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Race on LI: What’s the gap between Black, white Long Islanders?

nextLI’s series “Race on LI” explored racial inequality in the region –– and the numbers were staggering:

Black Long Islanders
Black households

The numbers reveal Black people suffer more systemic disadvantages than white people in Long Island and the country as a whole.

According to a New York Times analysis, the black-white wage gap is as large as it was in 1950––before the pressure of the civil rights movements’ that influenced landmark rulings ending racial segregation in public schooling and voting, like Brown v. Board of Education in 1954 and the Civil Rights Act in 1957.

If you’re Black, you’re more likely to live in poverty and less likely to have a job and/or access to healthcare –– and you’ll likely make less than the median income.

Unequal access to affordable housing, quality food and healthcare services, and job opportunities, along with cultural barriers, are persistent barriers stagnating LI’s minority groups.

This means these discrepancies in poverty, unemployment, healthcare coverage and income influence each other. Where there is a gap in one area, it is similarly reflected in other areas for the Black population.

The median Black household makes $16,000 less than the median white household, based on comparisons of median household income in 2018.

Perhaps the most clear indicator of racial inequality is reflected in the pandemic’s uneven toll on Long Islanders of color, which has hit the region’s densest, often minority, districts the hardest.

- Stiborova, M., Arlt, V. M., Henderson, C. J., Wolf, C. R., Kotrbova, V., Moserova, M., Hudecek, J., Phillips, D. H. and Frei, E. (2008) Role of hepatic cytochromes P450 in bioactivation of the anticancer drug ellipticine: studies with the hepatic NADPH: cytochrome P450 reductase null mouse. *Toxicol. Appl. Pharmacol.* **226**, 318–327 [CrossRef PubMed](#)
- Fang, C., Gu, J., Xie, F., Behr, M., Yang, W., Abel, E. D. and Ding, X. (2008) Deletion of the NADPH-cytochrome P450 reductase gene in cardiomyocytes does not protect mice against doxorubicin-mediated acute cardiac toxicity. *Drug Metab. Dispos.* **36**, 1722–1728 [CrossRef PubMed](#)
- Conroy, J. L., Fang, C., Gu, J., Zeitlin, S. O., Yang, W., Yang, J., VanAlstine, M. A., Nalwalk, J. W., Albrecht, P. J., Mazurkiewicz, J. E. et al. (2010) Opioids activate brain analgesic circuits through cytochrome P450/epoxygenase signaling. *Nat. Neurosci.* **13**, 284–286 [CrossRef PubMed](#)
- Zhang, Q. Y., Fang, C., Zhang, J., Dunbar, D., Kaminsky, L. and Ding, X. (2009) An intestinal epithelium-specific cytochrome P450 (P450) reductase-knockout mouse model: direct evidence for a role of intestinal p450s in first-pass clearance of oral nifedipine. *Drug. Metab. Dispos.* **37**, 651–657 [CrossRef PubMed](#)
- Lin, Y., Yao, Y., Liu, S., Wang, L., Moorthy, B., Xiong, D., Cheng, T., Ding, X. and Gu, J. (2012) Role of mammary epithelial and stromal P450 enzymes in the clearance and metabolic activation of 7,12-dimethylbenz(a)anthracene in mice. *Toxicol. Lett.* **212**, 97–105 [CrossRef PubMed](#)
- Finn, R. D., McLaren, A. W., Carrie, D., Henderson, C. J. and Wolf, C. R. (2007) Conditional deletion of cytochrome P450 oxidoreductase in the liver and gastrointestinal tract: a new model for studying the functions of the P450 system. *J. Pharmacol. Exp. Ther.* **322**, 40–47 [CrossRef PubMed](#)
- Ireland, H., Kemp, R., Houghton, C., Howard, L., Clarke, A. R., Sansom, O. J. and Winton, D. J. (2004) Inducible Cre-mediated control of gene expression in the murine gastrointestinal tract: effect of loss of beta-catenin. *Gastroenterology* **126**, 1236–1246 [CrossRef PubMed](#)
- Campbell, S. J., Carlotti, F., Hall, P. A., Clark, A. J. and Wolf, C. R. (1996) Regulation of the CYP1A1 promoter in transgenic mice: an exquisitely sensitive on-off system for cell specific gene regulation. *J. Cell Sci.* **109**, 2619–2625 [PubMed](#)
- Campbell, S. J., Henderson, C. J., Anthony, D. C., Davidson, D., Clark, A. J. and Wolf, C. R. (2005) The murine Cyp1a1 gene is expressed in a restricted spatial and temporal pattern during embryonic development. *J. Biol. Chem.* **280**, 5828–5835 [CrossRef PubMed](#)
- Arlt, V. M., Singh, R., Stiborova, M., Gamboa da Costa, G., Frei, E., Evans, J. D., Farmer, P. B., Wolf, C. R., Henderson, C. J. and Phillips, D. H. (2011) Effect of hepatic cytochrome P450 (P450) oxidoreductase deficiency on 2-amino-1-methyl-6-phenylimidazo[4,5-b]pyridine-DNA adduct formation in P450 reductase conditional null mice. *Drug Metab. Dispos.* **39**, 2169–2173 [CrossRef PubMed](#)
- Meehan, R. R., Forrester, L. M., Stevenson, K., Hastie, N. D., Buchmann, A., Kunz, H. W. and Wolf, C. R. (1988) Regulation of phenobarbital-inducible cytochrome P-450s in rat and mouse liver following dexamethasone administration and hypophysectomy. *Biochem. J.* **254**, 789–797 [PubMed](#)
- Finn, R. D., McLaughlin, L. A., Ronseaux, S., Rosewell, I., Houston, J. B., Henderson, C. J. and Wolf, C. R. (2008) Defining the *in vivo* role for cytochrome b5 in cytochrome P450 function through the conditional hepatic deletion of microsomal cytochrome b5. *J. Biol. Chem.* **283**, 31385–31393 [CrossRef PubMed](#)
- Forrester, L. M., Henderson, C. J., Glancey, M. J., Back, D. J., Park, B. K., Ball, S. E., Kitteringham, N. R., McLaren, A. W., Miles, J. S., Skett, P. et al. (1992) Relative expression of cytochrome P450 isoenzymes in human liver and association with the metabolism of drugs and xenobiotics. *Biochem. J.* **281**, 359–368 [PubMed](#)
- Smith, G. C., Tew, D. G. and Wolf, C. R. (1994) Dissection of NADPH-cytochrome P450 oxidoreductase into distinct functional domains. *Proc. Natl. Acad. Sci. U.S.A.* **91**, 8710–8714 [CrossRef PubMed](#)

Last week, Federal Reserve Chairman Jerome Powell brought some good news on modest rebounds in the economy’s projected slow recovery, but with a caveat: the longer the pandemic, the wider, more damaging the financial gap will become for minorities and low-income Americans.

“Low-income households have experienced, by far, the sharpest drop in employment, while job losses of African Americans, Hispanics, and women have been greater than that of other groups,” Powell said in his semiannual report to Congress. “If not contained and reversed, the downturn could further widen gaps in economic well-being that the long expansion had made some progress in closing.”

Our findings on LI’s racial divide are based on the latest available data, which predates COVID-19’s deadly spread. However, the higher rates of coronavirus deaths in Black and Hispanic communities last month strongly indicate the gap is widening.

If Long Island wishes to be equitable, how should we address this Black-white gap? Share your thoughts below.